Henry Chadwick (writer)

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Henry Chadwick (October 5, 1824 – April 20, 1908), often called the "father of baseball," was a sportswriter, baseball statistician and historian.

Biography

Born in Exeter, England, and raised on cricket, Chadwick was one of the prime movers in the rise of baseball to its unprecedented popularity at the turn of the 20th century. Chadwick moved to Brooklyn with his family at the age of 12, and became a frequent player of early ball games such as rounders. He began covering cricket for numerous local newspapers such as the Long Island Star. It is said Chadwick first came across baseball in 1856 in New York as a young cricket reporter, while watching a match between New York's Eagle and Gotham clubs. In 1857 he focused his attention as a journalist and writer on baseball after joining the New York Clipper, and was also soon hired on to provide coverage for other New York papers including the Sunday Mecury.[1] A keen amateur statistician and professional writer, he helped sculpt the public perception of the game, as well as providing the basis for the records of team's and player's achievements in the form of baseball statistics.

Chadwick edited The Beadle Baseball Player, the first baseball guide on public sale, as well as the Spalding and Reach annual guides for a number of years and in this capacity promoted the game and influenced the then-infant discipline of sports journalism. He also served on baseball rules committees and influenced the game itself.

In his 1861 Beadle guide, he listed totals of games played, outs, runs, home runs, and strikeouts for hitters on prominent clubs, the first database of its kind. His goal was to come up with numerical evidence as that would prove what players helped or hurt a team to win.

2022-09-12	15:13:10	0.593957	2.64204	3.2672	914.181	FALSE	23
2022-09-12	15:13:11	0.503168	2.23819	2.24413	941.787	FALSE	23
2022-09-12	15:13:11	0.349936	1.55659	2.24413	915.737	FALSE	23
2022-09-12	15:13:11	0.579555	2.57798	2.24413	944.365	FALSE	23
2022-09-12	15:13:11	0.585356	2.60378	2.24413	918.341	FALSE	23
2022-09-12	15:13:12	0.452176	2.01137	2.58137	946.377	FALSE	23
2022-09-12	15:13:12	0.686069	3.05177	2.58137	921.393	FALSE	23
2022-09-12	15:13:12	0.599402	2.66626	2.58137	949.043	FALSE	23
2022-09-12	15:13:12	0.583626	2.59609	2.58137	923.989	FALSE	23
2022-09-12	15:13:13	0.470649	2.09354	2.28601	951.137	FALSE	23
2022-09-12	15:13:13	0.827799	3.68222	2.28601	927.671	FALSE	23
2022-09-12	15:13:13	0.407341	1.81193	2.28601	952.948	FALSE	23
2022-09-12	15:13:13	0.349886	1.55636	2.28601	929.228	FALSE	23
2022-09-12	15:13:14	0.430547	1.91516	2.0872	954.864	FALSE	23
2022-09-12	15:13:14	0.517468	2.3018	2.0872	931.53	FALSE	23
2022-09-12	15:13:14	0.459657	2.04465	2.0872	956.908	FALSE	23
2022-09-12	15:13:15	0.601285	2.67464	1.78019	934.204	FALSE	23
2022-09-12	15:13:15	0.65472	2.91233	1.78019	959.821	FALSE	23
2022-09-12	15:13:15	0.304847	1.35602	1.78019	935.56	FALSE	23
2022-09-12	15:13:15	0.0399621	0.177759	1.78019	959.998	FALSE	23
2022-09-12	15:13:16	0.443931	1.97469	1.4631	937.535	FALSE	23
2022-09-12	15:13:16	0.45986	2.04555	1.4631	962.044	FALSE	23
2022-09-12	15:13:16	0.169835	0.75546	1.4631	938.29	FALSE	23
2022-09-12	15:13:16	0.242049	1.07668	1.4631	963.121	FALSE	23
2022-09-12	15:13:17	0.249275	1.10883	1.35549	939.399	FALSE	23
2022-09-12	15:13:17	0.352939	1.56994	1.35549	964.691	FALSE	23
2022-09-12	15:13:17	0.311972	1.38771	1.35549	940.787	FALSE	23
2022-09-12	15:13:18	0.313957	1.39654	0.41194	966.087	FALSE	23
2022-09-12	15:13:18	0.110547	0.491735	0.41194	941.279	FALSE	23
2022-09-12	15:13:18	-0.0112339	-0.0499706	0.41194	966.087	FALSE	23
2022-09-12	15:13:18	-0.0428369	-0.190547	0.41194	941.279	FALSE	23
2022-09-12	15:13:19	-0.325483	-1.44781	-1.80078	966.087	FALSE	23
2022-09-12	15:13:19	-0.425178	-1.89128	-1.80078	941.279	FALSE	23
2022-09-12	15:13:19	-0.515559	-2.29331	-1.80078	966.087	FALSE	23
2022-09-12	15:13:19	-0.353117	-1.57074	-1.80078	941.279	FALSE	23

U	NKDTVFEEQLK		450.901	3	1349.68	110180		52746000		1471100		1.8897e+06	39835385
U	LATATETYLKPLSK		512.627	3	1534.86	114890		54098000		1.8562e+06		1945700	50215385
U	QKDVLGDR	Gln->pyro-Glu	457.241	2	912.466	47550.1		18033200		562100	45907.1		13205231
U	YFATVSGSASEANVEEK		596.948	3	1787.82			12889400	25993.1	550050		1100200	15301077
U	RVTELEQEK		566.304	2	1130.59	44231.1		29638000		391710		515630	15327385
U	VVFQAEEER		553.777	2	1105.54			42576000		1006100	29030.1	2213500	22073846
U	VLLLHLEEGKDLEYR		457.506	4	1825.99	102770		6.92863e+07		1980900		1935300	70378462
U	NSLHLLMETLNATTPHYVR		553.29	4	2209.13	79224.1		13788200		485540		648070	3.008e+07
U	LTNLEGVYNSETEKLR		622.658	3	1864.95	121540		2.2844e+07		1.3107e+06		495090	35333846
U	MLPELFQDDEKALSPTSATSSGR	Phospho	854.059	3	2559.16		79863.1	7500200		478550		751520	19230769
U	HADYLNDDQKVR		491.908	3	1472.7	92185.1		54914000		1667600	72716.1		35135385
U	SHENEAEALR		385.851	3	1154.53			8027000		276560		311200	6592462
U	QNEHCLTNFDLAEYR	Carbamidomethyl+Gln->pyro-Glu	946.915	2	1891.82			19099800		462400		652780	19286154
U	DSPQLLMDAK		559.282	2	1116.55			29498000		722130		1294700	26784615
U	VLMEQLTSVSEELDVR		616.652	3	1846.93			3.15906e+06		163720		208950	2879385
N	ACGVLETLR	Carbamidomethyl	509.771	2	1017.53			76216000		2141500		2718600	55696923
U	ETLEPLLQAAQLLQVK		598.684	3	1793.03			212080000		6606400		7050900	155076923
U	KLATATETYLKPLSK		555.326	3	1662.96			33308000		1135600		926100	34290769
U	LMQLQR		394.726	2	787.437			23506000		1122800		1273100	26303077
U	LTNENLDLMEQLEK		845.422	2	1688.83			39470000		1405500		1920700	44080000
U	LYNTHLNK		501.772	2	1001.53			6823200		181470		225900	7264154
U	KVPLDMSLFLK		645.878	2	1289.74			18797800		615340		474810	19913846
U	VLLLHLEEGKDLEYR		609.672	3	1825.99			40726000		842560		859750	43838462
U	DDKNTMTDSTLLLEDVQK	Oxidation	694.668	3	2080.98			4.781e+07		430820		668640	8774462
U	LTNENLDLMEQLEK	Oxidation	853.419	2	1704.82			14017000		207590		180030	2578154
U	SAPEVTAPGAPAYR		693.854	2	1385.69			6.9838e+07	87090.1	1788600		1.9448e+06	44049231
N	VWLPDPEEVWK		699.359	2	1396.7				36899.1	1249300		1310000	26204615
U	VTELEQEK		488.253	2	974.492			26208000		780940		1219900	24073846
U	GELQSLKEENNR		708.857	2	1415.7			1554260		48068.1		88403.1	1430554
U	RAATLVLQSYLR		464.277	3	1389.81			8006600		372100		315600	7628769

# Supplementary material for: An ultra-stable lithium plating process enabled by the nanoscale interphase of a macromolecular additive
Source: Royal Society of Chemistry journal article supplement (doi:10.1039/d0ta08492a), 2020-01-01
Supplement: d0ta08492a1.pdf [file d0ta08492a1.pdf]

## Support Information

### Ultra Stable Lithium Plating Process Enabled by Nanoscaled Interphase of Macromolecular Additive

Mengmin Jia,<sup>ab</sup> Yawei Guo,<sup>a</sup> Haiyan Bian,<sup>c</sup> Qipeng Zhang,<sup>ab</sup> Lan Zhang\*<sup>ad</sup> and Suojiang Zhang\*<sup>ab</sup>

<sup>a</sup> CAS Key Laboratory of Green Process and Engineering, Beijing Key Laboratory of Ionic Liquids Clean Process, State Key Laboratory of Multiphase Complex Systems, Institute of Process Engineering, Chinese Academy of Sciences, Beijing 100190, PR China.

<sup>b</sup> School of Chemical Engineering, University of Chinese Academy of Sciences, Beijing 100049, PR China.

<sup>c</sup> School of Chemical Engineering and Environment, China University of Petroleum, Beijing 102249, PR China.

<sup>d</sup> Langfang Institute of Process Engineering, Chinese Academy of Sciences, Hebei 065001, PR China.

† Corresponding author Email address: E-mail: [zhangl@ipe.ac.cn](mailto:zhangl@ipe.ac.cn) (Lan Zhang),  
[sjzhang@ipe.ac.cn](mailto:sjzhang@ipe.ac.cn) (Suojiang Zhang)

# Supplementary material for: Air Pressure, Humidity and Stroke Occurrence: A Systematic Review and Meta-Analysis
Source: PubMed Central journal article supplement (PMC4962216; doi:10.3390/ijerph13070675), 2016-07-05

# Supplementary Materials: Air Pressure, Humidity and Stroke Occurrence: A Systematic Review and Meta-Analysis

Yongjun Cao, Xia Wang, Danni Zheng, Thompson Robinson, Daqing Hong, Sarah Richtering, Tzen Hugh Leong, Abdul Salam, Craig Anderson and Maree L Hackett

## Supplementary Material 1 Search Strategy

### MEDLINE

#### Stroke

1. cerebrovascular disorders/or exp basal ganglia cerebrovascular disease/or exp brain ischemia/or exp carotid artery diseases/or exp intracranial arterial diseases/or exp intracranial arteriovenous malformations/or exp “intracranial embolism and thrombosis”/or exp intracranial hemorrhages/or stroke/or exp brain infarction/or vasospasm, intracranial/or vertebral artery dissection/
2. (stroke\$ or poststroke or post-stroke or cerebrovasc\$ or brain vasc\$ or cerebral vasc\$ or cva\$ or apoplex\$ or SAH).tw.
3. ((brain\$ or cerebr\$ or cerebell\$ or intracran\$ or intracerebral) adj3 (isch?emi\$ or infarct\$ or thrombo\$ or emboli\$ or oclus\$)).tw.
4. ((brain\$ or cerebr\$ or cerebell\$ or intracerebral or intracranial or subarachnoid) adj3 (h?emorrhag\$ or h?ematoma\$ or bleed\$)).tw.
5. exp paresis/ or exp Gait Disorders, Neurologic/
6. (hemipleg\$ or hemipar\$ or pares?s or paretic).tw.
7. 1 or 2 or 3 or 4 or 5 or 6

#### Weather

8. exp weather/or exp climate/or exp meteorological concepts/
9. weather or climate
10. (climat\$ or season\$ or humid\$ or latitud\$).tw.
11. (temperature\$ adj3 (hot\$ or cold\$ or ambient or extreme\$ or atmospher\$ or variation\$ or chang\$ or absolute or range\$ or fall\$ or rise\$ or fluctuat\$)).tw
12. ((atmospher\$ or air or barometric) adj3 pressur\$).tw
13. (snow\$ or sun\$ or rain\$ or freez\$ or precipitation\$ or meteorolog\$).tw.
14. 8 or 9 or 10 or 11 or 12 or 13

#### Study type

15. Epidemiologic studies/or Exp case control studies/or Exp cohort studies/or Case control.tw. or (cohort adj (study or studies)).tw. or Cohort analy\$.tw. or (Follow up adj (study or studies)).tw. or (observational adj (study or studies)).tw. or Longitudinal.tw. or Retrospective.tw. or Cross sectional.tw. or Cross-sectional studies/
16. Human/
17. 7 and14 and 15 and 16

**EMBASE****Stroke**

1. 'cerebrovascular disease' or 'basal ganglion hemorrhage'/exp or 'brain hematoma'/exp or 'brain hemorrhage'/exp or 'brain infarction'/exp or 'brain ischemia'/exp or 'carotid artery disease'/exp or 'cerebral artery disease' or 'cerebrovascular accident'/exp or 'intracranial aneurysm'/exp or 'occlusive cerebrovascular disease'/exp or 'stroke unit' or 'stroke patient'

In 1867 he accompanied the National Base Ball Club of Washington D.C. on their inaugural national tour, as their official scorer, and in 1874 was instrumental in organizing a similar tour of England, which included games of both baseball and cricket. In his role as journalist, he campaigned against the detrimental effects on the game of both alcohol and gambling.

Despite a friendship with Albert Spalding, Chadwick was scornful of the attempts to have Abner Doubleday declared the inventor of baseball. "He means well", said Chadwick, "but he don't know".

He is credited with devising the baseball box score (which he adapted from the cricket scorecard) for reporting game events. The first box score was a grid with nine rows for players and nine columns for innings. The original box scores also created the often puzzling abbreviation for strikeout as "K" - "K" being the last letter of "struck" in "struck out." The basic format and structure of the box score has changed little since the earliest of ones designed by Chadwick. He is also credited with devising such statistical measures as batting average and earned run average. Ironically, ERA originated not in the goal of measuring a pitcher's worth but to differentiate between runs caused by batting skill (hits) and lack of fielding skill (errors). He is also noted as believing fielding range to be a superior skill to avoiding errors.

The following description of a game was written by Henry Chadwick and appeared in his Base Ball Memoranda. It is typical of his style of sports journalism, and that of his time:

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